My excellent Conversation with John Gray

I had been wanting to do this one for a while, and now it exists.  Here is the audio and transcript, here is the episode summary:

Tyler and John sat down to discuss his latest book, including who he thinks will carry on his work, what young people should learn if liberalism is dead, whether modern physics allows for true atheism, what in Eastern Orthodoxy attracts him, the benefits of pessimism, what philanthropic cause he’d invest a billion dollars in, under what circumstances he’d sacrifice his life, what he makes of UFOs, the current renaissance in film and books, whether Monty Python is still funny, how Herman Melville influenced him, who first spotted his talent, his most unusual work habit, what he’ll do next, and more.


COWEN: Do you think that being pessimistic gives you pleasure? Or what’s the return in it from a purely pragmatic point of view?

GRAY: You are well prepared for events. You don’t expect —

COWEN: It’s a preemption, right? You become addicted to preempting bad news with pessimism.

GRAY: No, no. When something comes along which contradicts my expectations, I’m pleasantly surprised. I get pleasant surprises. Whereas, if you are an adamant optimist, you must be in torment every time you turn the news on because the same old follies, the same old crimes, the same old atrocities, the same old hatreds just repeat themselves over and over again. I’m not surprised by that at all. That’s like the weather. It’s like living in a science fiction environment in which it rains nearly all of the time, but from time to time it stops and there’s beautiful sunlight.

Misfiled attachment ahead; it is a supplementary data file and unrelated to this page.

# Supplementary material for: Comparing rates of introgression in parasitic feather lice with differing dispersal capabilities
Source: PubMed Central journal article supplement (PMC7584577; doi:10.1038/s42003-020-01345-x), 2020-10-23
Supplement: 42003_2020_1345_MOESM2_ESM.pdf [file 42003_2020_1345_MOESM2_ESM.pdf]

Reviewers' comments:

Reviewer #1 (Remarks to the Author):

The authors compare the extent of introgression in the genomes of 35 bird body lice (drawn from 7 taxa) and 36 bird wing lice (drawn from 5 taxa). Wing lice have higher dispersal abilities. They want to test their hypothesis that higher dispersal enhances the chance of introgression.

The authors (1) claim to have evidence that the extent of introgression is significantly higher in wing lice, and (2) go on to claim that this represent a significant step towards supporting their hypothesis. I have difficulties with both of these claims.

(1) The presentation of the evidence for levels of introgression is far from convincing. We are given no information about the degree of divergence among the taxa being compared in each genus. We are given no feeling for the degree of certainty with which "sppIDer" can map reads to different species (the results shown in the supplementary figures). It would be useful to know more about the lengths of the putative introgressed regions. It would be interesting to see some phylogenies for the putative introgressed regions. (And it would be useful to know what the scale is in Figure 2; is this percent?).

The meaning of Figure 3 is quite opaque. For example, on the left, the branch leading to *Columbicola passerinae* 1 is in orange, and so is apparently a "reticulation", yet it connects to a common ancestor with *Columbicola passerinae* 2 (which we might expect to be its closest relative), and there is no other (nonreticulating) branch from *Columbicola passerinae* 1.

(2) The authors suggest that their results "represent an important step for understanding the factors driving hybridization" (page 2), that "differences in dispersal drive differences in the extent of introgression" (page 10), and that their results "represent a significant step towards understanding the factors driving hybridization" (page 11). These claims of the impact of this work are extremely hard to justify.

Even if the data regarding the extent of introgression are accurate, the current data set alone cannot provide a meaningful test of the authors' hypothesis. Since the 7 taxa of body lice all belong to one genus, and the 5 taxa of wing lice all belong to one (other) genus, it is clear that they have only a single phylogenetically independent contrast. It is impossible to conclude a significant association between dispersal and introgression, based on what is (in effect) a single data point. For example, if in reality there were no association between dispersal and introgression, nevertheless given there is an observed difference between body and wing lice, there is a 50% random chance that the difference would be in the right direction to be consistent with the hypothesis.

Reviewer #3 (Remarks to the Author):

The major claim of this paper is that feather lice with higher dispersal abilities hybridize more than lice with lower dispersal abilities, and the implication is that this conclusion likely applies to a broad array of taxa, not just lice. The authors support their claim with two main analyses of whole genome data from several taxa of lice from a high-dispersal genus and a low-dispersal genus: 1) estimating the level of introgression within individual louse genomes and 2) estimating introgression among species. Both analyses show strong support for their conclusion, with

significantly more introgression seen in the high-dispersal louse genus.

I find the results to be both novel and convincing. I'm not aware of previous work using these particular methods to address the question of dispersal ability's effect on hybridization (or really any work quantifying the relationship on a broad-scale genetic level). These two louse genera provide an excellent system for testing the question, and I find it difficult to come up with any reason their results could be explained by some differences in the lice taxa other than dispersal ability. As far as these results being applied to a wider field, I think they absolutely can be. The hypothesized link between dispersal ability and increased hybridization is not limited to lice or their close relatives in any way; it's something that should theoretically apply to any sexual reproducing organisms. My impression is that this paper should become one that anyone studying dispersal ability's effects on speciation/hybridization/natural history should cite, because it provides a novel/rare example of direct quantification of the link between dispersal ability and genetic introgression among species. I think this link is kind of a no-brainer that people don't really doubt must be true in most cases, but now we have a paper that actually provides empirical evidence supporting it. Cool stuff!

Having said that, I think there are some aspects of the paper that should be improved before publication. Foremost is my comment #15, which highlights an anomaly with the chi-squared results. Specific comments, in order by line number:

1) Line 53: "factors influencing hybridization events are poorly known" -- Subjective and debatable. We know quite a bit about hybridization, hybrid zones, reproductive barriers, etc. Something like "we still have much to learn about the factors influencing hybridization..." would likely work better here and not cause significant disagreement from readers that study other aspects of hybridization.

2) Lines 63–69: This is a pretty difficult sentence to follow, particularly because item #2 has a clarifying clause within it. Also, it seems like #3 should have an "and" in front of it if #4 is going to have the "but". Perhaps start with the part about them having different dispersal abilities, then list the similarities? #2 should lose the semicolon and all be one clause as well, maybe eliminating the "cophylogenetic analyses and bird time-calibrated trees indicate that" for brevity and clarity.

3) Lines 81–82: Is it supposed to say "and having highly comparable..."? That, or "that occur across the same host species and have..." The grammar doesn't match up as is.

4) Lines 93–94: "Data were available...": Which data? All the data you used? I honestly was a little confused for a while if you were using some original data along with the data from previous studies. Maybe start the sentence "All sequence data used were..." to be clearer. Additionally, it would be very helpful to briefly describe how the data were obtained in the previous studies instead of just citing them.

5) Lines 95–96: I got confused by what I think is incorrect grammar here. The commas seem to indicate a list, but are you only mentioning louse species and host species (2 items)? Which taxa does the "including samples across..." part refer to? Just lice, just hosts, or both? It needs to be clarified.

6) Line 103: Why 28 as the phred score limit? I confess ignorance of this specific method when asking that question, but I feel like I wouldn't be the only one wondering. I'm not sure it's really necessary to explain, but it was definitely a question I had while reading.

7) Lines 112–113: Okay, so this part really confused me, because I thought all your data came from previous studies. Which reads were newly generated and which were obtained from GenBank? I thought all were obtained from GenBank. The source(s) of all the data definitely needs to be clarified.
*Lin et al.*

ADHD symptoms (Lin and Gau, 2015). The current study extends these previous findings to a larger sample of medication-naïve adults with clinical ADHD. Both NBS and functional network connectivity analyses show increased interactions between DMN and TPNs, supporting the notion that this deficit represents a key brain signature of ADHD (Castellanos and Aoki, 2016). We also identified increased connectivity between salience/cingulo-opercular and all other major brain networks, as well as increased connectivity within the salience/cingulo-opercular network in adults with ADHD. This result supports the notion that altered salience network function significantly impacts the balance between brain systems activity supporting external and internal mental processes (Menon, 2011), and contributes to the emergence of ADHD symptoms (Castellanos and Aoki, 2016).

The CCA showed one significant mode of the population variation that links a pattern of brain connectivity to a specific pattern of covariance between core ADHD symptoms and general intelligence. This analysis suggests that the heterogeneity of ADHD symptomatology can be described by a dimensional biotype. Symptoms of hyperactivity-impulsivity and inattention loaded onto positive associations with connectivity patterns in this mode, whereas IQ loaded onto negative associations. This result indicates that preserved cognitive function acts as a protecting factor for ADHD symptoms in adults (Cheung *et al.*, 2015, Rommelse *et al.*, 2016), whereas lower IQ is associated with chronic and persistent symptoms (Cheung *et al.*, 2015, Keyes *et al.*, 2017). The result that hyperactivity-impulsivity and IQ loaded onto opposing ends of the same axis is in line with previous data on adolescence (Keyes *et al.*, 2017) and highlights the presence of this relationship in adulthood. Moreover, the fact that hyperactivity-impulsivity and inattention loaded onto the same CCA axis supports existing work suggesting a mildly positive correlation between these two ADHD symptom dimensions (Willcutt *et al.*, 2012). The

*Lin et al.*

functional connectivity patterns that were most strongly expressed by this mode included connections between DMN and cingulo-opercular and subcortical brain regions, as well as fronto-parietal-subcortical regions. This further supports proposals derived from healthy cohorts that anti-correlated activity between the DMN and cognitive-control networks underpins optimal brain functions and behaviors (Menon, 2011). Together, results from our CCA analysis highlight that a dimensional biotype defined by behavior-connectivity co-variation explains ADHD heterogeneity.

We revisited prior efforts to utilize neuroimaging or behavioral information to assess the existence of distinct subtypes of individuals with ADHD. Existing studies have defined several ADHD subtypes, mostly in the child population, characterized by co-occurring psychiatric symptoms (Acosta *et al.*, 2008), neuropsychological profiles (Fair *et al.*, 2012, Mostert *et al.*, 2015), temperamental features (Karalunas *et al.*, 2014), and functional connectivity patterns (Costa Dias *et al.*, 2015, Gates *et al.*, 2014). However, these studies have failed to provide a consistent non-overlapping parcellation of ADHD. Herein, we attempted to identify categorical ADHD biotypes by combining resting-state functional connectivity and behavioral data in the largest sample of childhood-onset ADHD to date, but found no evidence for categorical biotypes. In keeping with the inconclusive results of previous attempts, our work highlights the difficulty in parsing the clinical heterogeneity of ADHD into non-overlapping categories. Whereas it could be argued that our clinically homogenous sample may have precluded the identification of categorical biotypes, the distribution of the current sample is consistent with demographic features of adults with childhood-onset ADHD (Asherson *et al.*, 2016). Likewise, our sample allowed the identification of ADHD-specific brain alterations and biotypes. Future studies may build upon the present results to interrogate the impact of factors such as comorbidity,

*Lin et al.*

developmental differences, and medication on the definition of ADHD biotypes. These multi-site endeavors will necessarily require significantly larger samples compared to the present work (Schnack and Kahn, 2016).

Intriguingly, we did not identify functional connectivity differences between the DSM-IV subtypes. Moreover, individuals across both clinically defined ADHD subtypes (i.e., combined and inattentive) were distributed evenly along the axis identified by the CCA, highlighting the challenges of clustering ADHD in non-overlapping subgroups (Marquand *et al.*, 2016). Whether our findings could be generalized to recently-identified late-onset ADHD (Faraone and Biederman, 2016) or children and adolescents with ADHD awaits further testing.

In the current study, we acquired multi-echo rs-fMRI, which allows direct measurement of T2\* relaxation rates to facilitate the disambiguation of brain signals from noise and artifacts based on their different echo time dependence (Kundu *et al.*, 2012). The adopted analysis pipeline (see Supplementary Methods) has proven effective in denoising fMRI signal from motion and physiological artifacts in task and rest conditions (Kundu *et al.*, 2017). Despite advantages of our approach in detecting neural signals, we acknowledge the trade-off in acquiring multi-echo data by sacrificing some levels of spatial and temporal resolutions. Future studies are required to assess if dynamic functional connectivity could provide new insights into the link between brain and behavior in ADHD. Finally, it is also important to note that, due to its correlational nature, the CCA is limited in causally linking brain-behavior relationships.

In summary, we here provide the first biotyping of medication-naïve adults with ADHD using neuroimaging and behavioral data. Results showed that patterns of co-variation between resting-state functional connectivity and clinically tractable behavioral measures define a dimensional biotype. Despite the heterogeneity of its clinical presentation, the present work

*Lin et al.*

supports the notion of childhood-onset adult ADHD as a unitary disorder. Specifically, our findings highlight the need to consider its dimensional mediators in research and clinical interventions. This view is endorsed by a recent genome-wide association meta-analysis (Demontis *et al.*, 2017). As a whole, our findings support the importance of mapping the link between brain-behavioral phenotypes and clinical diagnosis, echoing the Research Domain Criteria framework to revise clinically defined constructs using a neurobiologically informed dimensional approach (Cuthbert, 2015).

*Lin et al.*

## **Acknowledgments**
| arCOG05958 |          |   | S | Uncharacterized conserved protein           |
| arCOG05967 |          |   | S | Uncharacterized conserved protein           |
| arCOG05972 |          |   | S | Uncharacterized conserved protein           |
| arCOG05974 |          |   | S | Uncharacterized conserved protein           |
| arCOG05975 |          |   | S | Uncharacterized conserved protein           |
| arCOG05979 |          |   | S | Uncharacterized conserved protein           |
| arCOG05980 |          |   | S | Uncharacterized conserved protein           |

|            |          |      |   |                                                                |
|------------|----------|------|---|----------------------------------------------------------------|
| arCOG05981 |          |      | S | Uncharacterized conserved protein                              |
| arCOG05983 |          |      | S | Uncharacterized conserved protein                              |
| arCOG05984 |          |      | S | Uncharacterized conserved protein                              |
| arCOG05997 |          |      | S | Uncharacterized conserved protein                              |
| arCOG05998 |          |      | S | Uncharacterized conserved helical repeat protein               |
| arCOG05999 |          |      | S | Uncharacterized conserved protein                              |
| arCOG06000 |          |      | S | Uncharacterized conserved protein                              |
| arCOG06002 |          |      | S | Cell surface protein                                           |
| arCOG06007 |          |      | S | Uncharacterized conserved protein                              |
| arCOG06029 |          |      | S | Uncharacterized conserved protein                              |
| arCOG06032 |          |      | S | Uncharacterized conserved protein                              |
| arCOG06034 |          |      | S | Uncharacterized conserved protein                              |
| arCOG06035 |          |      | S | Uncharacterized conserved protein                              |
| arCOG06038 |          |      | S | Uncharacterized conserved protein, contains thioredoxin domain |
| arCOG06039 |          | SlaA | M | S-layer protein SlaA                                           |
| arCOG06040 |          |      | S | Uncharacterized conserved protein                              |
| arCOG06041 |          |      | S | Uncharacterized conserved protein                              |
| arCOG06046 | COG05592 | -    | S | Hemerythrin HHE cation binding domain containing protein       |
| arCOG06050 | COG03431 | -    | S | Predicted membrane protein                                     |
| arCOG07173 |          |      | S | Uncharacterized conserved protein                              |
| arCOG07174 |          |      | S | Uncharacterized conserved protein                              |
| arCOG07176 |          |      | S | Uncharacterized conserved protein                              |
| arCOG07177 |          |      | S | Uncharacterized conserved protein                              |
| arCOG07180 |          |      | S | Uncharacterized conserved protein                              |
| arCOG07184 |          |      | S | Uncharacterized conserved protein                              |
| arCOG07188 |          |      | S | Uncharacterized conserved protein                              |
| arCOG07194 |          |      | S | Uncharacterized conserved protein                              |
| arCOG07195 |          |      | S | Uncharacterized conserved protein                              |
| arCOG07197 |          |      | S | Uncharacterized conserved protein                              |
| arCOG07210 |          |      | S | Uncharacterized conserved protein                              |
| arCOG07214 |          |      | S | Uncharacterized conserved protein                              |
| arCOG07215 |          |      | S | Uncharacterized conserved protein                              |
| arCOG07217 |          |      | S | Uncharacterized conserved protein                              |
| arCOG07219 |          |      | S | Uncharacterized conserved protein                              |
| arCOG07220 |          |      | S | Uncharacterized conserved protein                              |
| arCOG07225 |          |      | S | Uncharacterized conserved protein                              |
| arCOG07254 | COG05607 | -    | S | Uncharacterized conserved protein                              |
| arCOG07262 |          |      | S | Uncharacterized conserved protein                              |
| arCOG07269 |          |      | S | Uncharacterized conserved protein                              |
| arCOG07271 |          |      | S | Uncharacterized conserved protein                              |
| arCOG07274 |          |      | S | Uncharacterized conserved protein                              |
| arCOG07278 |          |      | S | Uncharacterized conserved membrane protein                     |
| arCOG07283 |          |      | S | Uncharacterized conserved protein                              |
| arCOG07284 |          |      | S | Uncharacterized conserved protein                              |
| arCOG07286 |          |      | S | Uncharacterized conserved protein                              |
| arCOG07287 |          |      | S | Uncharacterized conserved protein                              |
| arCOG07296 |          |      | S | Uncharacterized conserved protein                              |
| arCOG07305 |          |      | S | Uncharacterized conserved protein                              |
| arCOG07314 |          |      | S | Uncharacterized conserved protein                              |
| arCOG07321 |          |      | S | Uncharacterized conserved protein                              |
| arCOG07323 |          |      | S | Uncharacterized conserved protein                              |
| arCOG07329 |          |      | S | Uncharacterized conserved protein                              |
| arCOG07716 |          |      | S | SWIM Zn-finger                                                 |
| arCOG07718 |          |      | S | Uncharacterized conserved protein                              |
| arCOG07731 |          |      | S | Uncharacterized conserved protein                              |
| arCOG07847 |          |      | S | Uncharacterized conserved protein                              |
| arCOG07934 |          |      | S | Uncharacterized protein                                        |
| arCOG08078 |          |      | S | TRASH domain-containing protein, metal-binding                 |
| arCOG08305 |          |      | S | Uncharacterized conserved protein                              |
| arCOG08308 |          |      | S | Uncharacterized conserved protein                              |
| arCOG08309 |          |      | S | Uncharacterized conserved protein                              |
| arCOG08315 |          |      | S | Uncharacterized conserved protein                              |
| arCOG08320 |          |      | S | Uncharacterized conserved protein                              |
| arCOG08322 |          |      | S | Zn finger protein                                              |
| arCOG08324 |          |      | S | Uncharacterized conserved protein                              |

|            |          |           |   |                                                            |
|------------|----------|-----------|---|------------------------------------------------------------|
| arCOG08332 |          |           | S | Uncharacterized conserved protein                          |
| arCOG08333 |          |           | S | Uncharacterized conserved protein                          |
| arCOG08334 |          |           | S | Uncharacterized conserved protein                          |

If you think that basically there is beautiful sunlight all the time, but you’re just living in a small patch of it, most of your life will be spent in frustration. If you think the other way around, as I do, your life will be peppered, speckled with moments in which what you expect doesn’t happen, but something better happens.

COWEN: Why can’t one just build things and be resiliently optimistic in a pragmatic, cautionary sense, and take comfort in the fact that you would rather have the problems of the world today than, say, the problems of the world in the year 1000? It’s not absolute optimism where you attach to the mood qua mood, but you simply want to do things and draw a positive energy from that, and it’s self-reinforcing. Why isn’t that a better view than what you’re calling pessimism?


COWEN: Under what circumstances would you be willing to sacrifice your life? Or for what?

GRAY: Not for humanity, that’s for sure.

Recommended, interesting throughout.  John is one of the smartest and best read thinkers and writers.  He even has an answer ready for why he isn’t short the market.  And don’t forget John’s new book — I read all of them — New Leviathans: Thoughts After Liberalism.


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